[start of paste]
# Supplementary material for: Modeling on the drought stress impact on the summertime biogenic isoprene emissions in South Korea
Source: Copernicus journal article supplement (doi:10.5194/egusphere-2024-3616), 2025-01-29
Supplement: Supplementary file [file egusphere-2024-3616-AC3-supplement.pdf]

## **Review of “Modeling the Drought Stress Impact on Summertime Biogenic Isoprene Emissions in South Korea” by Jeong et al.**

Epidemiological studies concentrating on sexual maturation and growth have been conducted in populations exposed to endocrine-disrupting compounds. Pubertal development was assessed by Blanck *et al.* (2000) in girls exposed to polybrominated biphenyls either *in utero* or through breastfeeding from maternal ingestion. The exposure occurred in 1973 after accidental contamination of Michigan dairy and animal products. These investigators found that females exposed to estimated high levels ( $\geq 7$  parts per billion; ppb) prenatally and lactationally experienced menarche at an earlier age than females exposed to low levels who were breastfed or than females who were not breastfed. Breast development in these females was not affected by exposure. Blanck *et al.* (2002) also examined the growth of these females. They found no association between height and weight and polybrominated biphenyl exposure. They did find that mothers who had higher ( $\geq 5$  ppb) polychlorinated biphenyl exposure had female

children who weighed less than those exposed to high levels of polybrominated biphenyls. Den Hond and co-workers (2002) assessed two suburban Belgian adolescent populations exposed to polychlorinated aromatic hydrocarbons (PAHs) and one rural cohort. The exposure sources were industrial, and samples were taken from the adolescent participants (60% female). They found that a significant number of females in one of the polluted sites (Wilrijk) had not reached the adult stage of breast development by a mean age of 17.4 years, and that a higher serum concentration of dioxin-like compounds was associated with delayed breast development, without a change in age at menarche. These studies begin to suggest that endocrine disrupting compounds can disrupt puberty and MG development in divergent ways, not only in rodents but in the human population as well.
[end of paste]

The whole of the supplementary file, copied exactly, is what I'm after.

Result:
# Supplementary material for: Modeling on the drought stress impact on the summertime biogenic isoprene emissions in South Korea
Source: Copernicus journal article supplement (doi:10.5194/egusphere-2024-3616), 2025-01-29
Supplement: Supplementary file [file egusphere-2024-3616-AC3-supplement.pdf]

## **Review of “Modeling the Drought Stress Impact on Summertime Biogenic Isoprene Emissions in South Korea” by Jeong et al.**

Epidemiological studies concentrating on sexual maturation and growth have been conducted in populations exposed to endocrine-disrupting compounds. Pubertal development was assessed by Blanck *et al.* (2000) in girls exposed to polybrominated biphenyls either *in utero* or through breastfeeding from maternal ingestion. The exposure occurred in 1973 after accidental contamination of Michigan dairy and animal products. These investigators found that females exposed to estimated high levels ( $\geq 7$  parts per billion; ppb) prenatally and lactationally experienced menarche at an earlier age than females exposed to low levels who were breastfed or than females who were not breastfed. Breast development in these females was not affected by exposure. Blanck *et al.* (2002) also examined the growth of these females. They found no association between height and weight and polybrominated biphenyl exposure. They did find that mothers who had higher ( $\geq 5$  ppb) polychlorinated biphenyl exposure had female

children who weighed less than those exposed to high levels of polybrominated biphenyls. Den Hond and co-workers (2002) assessed two suburban Belgian adolescent populations exposed to polychlorinated aromatic hydrocarbons (PAHs) and one rural cohort. The exposure sources were industrial, and samples were taken from the adolescent participants (60% female). They found that a significant number of females in one of the polluted sites (Wilrijk) had not reached the adult stage of breast development by a mean age of 17.4 years, and that a higher serum concentration of dioxin-like compounds was associated with delayed breast development, without a change in age at menarche. These studies begin to suggest that endocrine disrupting compounds can disrupt puberty and MG development in divergent ways, not only in rodents but in the human population as well.